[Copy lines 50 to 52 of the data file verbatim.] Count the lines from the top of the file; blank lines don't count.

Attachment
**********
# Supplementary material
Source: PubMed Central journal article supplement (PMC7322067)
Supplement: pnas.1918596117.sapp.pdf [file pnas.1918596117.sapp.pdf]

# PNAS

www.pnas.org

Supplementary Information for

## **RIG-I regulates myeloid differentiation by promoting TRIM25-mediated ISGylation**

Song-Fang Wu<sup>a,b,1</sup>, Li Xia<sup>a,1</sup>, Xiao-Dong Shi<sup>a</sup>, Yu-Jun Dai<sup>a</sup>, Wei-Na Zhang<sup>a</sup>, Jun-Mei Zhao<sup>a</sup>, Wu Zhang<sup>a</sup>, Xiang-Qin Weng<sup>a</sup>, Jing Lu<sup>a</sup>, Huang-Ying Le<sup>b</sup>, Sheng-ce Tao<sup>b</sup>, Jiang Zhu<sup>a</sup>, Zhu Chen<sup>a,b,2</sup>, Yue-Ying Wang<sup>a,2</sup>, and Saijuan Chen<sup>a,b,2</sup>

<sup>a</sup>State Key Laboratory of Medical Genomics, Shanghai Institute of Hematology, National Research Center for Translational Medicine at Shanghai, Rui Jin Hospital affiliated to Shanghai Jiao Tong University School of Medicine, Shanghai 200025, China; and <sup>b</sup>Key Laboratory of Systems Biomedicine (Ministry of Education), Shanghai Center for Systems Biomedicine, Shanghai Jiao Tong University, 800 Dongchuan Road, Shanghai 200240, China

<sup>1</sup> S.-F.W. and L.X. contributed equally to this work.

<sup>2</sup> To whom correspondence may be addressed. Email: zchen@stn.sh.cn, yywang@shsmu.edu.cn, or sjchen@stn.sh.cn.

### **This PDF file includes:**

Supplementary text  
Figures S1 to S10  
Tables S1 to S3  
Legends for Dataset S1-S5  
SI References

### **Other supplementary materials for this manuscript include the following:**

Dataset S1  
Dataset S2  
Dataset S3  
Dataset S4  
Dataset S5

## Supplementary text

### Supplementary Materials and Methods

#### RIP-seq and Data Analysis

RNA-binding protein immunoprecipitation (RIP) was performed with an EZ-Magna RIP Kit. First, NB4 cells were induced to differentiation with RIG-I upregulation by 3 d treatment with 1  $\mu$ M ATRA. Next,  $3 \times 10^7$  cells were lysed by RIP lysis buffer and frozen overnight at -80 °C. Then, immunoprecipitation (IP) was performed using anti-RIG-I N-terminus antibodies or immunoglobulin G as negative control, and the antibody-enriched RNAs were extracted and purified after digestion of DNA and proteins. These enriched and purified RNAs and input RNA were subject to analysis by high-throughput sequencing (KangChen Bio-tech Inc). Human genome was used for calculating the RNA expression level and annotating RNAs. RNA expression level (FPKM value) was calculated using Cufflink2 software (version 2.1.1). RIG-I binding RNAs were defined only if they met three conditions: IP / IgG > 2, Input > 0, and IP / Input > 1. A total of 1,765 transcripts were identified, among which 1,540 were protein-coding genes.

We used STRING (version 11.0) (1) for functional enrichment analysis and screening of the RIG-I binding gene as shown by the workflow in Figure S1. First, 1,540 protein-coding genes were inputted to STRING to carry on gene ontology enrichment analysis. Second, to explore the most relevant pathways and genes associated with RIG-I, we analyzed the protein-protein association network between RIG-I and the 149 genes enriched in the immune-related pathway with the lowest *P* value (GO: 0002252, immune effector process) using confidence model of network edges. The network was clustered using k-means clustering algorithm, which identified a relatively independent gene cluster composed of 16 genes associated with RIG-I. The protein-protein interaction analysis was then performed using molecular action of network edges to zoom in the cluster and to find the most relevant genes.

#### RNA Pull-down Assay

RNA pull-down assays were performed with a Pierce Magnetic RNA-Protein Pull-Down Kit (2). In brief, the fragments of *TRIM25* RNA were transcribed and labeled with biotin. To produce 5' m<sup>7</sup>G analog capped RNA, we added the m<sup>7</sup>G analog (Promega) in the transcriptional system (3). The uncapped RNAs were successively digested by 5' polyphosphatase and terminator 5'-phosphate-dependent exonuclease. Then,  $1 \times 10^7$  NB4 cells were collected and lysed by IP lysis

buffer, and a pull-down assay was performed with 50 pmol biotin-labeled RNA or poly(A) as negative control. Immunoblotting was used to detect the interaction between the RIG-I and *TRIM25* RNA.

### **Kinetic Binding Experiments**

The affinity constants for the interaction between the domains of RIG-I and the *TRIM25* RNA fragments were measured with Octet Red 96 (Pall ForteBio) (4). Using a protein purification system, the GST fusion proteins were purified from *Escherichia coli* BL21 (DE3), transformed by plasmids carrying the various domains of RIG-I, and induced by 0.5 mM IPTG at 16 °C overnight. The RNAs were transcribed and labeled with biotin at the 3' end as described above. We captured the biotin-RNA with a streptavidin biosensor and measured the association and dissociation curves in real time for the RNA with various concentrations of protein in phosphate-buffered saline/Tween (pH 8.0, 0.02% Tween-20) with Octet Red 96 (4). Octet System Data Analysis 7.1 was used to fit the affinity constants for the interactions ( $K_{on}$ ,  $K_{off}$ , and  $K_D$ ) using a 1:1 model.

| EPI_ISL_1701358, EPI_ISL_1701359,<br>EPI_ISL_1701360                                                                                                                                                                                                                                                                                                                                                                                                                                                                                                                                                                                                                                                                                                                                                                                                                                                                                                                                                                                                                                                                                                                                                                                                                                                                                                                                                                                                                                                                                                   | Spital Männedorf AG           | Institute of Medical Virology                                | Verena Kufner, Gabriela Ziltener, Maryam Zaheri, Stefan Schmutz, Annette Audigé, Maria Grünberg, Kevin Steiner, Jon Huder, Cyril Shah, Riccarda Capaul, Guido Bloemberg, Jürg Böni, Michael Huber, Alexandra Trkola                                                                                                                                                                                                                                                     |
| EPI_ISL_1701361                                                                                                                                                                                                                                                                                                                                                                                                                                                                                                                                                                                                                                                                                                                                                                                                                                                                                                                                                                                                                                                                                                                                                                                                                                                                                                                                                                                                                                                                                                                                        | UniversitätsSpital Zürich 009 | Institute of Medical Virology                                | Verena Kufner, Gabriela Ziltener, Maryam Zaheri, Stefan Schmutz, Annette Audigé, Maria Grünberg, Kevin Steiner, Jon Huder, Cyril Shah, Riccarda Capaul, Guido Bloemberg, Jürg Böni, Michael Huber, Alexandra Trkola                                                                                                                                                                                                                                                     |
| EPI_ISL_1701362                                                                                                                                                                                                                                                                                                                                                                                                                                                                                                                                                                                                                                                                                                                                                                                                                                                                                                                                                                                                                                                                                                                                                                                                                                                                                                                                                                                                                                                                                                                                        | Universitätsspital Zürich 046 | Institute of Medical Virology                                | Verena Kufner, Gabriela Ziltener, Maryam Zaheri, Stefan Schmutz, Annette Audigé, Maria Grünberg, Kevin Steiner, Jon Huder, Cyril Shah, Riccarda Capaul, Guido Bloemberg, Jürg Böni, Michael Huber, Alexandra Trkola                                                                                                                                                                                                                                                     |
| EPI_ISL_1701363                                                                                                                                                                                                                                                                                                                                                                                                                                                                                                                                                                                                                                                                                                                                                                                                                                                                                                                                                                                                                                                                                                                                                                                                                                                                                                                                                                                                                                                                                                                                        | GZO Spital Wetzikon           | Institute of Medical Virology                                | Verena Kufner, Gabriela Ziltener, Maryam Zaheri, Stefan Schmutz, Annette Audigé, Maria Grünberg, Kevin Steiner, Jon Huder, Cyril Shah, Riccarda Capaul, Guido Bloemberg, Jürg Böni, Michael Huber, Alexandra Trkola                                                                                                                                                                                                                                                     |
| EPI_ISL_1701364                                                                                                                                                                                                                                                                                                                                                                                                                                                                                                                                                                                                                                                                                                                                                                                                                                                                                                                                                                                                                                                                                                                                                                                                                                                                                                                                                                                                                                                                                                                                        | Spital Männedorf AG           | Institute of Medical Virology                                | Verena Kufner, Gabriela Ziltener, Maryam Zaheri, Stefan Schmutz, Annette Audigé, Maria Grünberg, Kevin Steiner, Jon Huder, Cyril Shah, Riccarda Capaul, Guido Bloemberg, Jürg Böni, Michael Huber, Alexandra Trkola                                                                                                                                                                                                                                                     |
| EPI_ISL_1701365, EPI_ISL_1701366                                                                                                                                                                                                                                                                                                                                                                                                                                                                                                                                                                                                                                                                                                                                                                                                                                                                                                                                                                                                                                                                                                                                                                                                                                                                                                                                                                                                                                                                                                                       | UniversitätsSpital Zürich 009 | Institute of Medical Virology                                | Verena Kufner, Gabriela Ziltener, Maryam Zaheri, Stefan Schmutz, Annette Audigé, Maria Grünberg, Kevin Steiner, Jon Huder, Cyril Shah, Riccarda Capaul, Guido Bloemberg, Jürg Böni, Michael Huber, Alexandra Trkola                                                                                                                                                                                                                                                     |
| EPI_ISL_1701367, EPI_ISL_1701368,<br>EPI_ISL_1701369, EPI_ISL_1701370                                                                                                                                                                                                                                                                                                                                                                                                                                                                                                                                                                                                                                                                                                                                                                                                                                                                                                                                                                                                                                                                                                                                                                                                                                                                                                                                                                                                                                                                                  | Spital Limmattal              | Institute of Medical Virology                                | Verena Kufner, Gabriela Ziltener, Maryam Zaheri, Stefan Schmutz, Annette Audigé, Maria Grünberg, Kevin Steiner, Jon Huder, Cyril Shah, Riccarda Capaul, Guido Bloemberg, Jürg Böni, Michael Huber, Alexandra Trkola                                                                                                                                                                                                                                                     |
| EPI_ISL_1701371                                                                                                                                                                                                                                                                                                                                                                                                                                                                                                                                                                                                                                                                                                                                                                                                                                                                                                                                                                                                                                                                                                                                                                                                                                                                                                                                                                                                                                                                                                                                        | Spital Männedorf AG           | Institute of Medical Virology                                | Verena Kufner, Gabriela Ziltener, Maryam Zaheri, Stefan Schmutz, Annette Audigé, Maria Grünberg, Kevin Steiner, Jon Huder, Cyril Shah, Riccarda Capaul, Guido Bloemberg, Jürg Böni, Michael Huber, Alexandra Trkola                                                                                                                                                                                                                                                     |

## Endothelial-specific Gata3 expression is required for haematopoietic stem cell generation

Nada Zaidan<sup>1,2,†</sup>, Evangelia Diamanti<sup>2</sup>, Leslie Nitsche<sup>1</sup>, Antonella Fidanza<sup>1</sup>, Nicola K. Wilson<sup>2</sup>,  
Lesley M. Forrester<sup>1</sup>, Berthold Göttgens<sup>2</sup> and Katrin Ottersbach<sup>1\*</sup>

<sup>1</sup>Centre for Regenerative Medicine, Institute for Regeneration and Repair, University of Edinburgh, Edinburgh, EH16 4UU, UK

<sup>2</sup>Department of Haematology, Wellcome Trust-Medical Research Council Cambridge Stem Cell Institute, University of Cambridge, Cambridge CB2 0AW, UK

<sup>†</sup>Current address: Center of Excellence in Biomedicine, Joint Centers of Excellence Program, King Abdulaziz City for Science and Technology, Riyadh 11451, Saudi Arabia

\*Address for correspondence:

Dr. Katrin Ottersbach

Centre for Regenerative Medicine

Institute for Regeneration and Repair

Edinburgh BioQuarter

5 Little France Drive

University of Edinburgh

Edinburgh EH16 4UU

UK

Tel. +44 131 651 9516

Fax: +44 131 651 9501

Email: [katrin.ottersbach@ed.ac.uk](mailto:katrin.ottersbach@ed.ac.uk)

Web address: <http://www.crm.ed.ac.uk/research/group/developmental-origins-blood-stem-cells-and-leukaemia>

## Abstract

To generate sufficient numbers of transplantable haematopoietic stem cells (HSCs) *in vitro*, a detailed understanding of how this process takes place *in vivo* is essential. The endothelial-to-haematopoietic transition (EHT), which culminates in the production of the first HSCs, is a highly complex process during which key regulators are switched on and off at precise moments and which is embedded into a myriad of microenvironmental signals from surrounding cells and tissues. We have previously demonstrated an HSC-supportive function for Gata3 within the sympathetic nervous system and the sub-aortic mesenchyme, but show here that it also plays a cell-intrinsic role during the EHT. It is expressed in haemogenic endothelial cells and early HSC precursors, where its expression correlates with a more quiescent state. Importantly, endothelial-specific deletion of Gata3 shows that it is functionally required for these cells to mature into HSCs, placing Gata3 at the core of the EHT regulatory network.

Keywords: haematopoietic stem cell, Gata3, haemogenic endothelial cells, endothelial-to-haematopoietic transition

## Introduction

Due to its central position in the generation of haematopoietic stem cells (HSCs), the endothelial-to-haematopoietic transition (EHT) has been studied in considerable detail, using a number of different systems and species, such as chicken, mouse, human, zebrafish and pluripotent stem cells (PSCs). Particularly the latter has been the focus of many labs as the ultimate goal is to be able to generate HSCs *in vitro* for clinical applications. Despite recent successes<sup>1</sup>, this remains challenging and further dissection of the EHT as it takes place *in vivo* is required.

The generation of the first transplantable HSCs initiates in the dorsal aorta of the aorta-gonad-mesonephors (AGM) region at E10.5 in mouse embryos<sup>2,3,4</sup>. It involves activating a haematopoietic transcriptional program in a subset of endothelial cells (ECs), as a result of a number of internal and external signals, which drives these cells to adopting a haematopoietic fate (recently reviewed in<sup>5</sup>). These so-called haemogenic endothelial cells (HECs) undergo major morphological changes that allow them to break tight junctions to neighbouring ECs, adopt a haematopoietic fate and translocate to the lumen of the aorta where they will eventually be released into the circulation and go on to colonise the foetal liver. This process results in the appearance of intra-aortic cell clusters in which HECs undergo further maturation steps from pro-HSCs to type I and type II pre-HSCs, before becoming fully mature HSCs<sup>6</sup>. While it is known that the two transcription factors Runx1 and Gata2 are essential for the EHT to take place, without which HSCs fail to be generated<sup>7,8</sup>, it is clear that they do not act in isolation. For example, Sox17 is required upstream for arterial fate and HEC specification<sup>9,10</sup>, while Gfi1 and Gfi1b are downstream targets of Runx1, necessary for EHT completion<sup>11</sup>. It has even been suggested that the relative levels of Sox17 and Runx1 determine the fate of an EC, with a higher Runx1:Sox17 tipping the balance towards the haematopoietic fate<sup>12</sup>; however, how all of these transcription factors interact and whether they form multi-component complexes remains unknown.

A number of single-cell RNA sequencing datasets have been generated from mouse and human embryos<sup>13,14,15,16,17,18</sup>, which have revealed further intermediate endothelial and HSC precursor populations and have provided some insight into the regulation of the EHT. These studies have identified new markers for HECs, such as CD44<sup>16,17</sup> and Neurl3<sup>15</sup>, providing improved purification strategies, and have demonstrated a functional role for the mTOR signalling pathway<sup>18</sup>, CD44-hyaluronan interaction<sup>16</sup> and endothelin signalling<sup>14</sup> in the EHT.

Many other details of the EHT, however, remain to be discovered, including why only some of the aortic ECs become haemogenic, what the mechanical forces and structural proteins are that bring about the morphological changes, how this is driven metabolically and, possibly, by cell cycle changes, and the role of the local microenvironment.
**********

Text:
Centre for Regenerative Medicine

Institute for Regeneration and Repair

Edinburgh BioQuarter